One problem, according to Bloomberg Pursuits, was that in hoovering up the remaining coveted American stamps that weren't already in museums and private collections, Gross had "effectively cornered the market". It was better, Gross conceded, "to give other collectors a chance to own some of these stamps and to use the proceeds for philanthropy".
And he did. In New York, Robert A Siegel Auction Galleries set an auction record for the most raised in a single day $10m. A block of four inverted 24-cent US postage stamps from 1869 (pictured top right) was the most expensive lot, fetching $625,000 (before fees) below its $750,000 lower estimate.
Days later at Sotheby's in London, spectators were aghast when Banksy's Girl with Balloon passed through a shredder, concealed in the frame by the mysterious artist, seconds after the hammer came down at £860,000.
The stunt captured all the headlines. The BBC's art critic Will Gompertz even awarded the newly named Love is in the Bin five stars, adding that it would be seen as "one of the most significant artworks of the early 21st century". We shall see.
The real star of the show that same evening, however, was Jenny Saville's Propped (1992). The unflattering self-portrait made £9.5m far in excess of its £4m upper valuation, making it the most expensive painting by a living female artist.
The most expensive painting by a living male artist (who, like Saville, is British) was sold the following month at Christie's in New York. David Hockney's Portrait of an Artist (Pool with Two Figures) (1972) fetched $90.3m, easily surpassing the $58.4m paid for American artist Jeff Koons' giant orange Balloon Dog sculpture in 2013.
Toast to the new year
Then in the final months of 2018, a bottle of Burgundy smashed the previous auction record for wine when a bottle of 1945 Romane-Conti sold for $558,000. Indeed, the old record of $233,000 for a single bottle was surpassed twice that morning when a second bottle of the same wine sold for $496,000.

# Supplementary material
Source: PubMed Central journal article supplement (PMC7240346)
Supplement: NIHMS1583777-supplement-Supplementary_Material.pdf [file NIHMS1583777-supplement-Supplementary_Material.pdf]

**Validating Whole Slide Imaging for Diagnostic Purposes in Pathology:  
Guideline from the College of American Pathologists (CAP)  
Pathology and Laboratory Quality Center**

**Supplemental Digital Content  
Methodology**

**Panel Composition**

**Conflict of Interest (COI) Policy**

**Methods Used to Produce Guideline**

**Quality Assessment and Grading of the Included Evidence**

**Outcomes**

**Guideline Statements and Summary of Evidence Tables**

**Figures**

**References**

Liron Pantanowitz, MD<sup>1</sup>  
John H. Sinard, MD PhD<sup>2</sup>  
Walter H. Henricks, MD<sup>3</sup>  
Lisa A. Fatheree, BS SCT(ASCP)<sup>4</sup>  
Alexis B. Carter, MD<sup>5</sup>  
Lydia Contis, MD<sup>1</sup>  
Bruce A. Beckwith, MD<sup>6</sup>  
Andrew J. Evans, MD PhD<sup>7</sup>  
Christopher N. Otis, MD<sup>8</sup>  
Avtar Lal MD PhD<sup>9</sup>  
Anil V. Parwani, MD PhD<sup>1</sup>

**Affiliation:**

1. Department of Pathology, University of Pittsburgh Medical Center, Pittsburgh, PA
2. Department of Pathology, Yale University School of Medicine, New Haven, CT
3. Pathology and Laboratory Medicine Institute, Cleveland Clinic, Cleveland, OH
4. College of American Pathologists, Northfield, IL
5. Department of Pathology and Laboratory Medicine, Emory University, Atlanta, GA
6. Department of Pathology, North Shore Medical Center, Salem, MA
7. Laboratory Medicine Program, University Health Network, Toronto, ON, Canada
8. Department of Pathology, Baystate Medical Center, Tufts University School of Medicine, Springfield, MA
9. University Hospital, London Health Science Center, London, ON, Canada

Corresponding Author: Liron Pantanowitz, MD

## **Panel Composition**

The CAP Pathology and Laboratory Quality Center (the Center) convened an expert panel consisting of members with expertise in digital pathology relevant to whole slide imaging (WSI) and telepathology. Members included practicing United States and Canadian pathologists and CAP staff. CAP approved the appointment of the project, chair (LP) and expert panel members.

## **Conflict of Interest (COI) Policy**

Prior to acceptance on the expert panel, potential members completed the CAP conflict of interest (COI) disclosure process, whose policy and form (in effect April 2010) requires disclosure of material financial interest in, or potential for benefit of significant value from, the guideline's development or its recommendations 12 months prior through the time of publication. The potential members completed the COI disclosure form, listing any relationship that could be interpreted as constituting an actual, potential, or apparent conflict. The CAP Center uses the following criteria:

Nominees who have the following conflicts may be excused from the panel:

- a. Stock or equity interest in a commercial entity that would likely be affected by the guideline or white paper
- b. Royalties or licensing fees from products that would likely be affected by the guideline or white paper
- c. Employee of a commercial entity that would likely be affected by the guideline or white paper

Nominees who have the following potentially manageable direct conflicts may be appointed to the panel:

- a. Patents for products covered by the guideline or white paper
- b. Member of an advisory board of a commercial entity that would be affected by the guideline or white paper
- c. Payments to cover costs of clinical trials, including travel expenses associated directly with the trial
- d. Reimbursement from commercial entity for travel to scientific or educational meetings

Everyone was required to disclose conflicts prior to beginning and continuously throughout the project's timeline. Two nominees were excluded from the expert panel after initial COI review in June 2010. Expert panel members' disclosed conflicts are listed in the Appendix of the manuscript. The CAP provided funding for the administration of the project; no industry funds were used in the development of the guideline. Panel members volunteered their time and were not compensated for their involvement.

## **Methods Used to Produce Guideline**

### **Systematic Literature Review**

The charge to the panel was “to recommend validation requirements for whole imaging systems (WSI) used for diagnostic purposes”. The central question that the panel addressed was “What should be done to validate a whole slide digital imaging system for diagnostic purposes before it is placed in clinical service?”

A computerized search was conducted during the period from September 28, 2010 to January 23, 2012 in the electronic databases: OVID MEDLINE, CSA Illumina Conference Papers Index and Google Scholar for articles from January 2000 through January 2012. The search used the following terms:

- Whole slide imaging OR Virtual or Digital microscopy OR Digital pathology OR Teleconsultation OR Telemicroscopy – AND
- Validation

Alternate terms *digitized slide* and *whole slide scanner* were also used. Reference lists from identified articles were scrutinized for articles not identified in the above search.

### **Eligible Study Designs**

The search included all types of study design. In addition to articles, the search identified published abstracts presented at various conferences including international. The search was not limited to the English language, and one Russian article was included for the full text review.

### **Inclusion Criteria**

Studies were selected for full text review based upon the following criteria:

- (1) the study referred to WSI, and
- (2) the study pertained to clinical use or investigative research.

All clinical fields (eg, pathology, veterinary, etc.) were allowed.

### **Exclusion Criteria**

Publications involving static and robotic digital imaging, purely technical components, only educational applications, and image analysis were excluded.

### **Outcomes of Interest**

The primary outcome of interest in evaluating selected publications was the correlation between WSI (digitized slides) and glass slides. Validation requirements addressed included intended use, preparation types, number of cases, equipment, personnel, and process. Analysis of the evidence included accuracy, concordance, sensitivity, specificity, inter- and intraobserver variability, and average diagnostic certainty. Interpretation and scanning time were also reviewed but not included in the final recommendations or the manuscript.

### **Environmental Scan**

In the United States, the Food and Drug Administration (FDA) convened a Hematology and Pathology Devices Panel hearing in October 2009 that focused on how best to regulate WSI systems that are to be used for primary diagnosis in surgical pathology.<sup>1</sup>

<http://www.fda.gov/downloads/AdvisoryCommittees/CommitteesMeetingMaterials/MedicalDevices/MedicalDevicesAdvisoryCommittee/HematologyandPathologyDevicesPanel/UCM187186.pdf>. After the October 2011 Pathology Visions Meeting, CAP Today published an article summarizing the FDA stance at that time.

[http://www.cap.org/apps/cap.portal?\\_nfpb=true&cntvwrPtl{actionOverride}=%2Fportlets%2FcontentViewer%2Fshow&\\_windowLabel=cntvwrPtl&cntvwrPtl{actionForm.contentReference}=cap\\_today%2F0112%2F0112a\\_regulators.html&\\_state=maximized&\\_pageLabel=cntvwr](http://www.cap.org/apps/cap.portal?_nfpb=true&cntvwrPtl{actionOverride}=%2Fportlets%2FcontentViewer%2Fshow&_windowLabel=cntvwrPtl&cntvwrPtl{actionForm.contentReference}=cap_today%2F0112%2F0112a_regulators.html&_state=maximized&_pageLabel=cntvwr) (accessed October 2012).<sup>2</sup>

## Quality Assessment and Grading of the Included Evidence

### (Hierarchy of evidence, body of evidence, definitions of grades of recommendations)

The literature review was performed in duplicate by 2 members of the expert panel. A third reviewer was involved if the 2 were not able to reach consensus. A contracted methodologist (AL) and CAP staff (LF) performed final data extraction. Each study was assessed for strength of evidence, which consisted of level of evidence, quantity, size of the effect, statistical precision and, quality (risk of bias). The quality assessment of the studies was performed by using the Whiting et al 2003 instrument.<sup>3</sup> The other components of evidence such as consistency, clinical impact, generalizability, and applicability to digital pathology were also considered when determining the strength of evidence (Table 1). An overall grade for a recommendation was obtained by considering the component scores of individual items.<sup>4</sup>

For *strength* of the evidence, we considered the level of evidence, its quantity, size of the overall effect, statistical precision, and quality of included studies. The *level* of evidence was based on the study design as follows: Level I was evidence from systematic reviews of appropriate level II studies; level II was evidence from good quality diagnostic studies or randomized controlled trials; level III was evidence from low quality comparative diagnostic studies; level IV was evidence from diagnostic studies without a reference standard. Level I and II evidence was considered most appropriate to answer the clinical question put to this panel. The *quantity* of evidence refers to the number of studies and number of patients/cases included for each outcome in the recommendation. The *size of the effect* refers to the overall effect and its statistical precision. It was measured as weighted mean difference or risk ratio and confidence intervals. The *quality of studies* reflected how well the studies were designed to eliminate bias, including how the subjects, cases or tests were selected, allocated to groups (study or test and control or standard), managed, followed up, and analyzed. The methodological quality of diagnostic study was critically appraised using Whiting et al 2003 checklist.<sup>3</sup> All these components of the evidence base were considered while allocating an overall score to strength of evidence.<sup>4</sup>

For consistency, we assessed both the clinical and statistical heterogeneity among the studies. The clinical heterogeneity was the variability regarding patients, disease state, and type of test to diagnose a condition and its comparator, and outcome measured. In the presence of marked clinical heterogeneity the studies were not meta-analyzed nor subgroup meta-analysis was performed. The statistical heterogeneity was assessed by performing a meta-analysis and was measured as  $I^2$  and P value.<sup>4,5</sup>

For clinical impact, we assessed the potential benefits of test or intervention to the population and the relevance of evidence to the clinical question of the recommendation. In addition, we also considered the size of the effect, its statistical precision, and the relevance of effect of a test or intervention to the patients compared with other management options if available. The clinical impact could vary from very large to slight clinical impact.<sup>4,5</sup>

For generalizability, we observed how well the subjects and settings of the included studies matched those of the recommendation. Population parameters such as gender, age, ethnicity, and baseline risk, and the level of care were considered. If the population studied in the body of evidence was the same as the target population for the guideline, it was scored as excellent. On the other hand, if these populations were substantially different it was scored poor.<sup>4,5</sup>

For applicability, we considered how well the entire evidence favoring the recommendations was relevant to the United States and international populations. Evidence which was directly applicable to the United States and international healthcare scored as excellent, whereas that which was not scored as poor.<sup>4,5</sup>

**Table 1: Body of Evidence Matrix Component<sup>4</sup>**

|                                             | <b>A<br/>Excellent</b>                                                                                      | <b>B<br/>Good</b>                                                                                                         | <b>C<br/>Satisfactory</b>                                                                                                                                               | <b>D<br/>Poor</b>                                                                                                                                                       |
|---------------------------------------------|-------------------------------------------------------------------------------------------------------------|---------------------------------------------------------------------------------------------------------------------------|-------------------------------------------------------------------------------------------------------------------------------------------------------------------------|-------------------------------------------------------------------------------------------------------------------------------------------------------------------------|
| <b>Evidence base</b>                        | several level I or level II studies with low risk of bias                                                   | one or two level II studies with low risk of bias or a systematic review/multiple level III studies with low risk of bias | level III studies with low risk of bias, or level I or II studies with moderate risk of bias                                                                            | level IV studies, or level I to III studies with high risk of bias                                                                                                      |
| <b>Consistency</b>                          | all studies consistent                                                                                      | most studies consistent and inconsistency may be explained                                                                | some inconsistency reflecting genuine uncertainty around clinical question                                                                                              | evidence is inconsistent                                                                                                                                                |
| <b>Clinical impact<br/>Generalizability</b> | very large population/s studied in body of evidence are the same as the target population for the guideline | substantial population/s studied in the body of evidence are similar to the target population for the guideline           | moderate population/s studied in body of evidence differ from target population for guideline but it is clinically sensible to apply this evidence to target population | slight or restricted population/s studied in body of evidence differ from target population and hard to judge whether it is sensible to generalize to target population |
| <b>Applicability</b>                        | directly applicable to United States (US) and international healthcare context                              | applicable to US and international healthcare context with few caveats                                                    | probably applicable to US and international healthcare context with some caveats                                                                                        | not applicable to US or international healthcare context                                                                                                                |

And finally, for a little glamour, Marie Antoinette's stunning natural pearl and diamond pendant (right) came up for auction at Sotheby's in Geneva. It sold for CHF36.4m, shattering its pre-sale estimate of up to CHF2m and the previous record for pearl jewellery, a necklace that had belonged to Elizabeth Taylor and which sold for $11.8m in 2011.
Chris Carter spent three glorious years reading English literature on the beautiful Welsh coast at Aberystwyth University. Graduating in 2005, he left for the University of York to specialise in Renaissance literature for his MA, before returning to his native Twickenham, in southwest London. He joined a Richmond-based recruitment company, where he worked with several clients, including the Queen’s bank, Coutts, as well as the super luxury, Dorchester-owned Coworth Park country house hotel, near Ascot in Berkshire.
Then, in 2011, Chris joined MoneyWeek. Initially working as part of the website production team, Chris soon rose to the lofty heights of wealth editor, overseeing MoneyWeek’s Spending It lifestyle section. Chris travels the globe in pursuit of his work, soaking up the local culture and sampling the very finest in cuisine, hotels and resorts for the magazine’s discerning readership. He also enjoys writing his fortnightly page on collectables, delving into the fascinating world of auctions and art, classic cars, coins, watches, wine and whisky investing.